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B.C.’s Marijuana Revenue: Local Governments Should Get 40 Percent

B.C.’s Marijuana Revenue: Local Governments Should Get 40 Percent

The Canadian Press
B.C.'s Marijuana Revenue: Local Governments Should Get 40 Percent

B.C.’s Marijuana Revenue: Local Governments Should Get 40 Percent

VANCOUVER — The advocacy group for local governments in British Columbia wants the provincial government to fork over a 40 percent share of its marijuana tax revenue when the drug becomes legal.

The Union of B.C. Municipalities has tabled a resolution asking the provincial government to provide local governments with $50 million of the projected provincial cannabis excise tax revenue of $125 million over the first two years of legalization.

Representatives from city councils across the province will vote on the special resolution next week during the union’s annual convention.

Vancouver Coun. Kerry Jang, who co-chairs a joint provincial-local government committee on cannabis regulation, says municipalities will face new costs when non-medical marijuana becomes legal Oct. 17, including policing, administrative and staffing costs related to enforcement and zoning.

Although it’s unknown exactly how much revenue will come in from pot legalization, Jang said local governments want some of the money upfront in order to avoid having to find other sources, like boosting property taxes.

“To be honest, nobody really knows what the revenues are going to be like. That’s why we’re saying look, this is for the first couple of years to get us going and then we can look at other models afterward,”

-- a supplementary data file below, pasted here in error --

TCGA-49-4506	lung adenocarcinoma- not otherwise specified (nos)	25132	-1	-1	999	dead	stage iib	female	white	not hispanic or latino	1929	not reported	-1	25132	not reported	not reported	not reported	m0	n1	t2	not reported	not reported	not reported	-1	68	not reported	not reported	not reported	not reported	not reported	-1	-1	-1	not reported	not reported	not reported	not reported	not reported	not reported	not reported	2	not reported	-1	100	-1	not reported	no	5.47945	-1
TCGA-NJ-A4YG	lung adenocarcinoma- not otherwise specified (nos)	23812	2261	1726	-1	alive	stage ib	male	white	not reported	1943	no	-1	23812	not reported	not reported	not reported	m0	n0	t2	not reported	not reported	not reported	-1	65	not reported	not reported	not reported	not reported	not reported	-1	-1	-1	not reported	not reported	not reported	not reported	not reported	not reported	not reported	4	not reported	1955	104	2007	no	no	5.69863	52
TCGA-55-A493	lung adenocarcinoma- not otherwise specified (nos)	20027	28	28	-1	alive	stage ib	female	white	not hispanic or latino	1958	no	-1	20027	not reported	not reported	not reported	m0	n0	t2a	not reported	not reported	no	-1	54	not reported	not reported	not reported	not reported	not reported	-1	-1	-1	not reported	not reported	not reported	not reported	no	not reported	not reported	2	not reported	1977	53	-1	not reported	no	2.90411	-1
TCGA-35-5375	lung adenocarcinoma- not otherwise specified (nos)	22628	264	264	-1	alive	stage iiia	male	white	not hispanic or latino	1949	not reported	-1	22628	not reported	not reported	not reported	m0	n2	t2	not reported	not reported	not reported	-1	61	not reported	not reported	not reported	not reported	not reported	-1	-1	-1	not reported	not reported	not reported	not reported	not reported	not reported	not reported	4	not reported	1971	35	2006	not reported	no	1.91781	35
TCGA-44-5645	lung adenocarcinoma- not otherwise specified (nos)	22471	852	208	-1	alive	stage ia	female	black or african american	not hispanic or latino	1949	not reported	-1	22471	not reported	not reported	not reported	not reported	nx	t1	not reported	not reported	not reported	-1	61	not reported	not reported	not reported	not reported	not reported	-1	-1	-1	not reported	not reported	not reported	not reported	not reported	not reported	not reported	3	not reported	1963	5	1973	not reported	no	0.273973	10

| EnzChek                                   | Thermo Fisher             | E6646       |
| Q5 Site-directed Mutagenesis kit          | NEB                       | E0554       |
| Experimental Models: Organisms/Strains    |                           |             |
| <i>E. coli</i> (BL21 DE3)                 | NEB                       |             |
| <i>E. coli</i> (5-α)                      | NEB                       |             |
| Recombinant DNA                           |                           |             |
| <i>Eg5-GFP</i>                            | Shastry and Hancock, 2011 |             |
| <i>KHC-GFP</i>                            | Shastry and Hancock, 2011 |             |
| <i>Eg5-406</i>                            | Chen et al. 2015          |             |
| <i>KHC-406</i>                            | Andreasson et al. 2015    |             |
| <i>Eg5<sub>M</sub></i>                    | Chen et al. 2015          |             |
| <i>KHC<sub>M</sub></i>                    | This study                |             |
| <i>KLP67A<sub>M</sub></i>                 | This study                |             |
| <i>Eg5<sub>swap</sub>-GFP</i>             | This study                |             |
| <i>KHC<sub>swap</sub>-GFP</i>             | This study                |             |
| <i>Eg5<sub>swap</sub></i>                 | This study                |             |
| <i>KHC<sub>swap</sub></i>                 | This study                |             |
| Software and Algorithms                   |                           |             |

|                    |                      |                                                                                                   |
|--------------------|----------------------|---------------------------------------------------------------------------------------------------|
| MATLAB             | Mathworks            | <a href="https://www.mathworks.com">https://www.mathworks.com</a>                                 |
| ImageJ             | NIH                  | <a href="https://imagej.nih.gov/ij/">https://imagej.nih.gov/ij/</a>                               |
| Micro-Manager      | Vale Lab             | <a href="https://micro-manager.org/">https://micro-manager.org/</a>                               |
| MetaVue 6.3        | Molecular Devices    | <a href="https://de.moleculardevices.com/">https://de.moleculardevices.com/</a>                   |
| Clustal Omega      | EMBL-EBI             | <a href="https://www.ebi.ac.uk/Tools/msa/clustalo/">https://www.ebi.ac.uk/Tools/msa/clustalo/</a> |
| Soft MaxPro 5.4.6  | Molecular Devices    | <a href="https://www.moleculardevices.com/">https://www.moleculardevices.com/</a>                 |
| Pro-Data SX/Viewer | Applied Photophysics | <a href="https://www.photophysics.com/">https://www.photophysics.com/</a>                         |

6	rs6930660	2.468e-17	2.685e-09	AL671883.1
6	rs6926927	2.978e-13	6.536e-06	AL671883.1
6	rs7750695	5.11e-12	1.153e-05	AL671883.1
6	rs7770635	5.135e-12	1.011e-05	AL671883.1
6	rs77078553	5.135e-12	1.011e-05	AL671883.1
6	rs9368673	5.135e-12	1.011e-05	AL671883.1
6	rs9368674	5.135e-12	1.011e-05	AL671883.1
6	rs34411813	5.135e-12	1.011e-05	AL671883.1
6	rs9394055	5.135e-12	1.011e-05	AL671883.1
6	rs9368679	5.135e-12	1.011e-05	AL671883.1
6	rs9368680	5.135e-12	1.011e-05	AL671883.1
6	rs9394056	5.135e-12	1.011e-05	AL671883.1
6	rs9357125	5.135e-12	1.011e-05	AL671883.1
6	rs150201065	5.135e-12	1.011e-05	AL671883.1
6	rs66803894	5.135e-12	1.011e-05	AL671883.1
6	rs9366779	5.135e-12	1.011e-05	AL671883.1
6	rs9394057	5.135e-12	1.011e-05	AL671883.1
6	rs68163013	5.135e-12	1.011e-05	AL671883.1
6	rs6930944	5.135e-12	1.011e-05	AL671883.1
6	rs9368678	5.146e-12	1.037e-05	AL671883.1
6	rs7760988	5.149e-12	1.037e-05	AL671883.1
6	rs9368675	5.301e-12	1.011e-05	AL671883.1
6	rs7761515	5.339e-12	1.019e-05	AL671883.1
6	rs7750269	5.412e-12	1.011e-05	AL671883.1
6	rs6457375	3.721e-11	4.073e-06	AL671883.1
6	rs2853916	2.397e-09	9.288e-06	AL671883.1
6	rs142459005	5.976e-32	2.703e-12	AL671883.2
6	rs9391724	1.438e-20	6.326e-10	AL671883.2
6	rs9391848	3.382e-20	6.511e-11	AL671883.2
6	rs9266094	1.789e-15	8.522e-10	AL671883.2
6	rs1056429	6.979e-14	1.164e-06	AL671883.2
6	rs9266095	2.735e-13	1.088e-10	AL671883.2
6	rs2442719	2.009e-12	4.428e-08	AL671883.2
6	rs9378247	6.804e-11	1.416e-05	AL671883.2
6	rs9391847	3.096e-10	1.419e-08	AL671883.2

The resolution proposes splitting any extra revenue above the province’s projected amount evenly with local governments.

Excise tax revenue would be distributed to B.C. local governments on a per capita basis, with all municipal and regional districts receiving a minimum of $10,000, regardless of population.

B.C.’s Marijuana Revenue Plan Open to Amendment

Depending on how accurate the revenue projections turn out to be after two years, the resolution suggests either continuing with the same model or considering a boost in provincial sales tax on cannabis from seven percent to a maximum of 10 percent and committing a portion to local governments.

Jang said the model pitched by the union of municipalities is largely based on what Ontario has promised its local governments.

In December, the federal government agreed to give 75 percent of its marijuana excise tax revenue to the provinces and territories for two years, capping its own portion at $100 million.

It’s up to the provinces and territories to determine how much of its revenue to share with municipalities and regional governments.

The Canadian Federation of Municipalities initially proposed that local governments get one third, however, some provinces have already determined a different split.

In March, Ontario said it would give $40 million — or 40 percent of its projected share of federal marijuana taxes — to help cover law enforcement and safety costs associated with pot legalization. The money would be provided to municipalities upfront, beginning before legalization takes effect. It will come from the first two years of federal excise duties on producers of recreational pot.

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In a statement, the B.C. Ministry of Finance said the provincial government will bear “the vast majority” of costs to legalize cannabis.

Even after taking into account the revenue split with the federal government, the province does not expect substantial revenue from cannabis legalization in the near future, the ministry said. Its goal is to keep duties on cannabis low to stem the black market.

“We are committed to working with local authorities to understand their upfront and longer-term costs, along with any cost savings. We look forward to meeting with the UBCM executive in the near future to begin this discussion,”

The ministry did not say if or when it will announce revenue sharing with local governments, or have an estimate for costs local governments will bear.

Amy Smart, The Canadian Press

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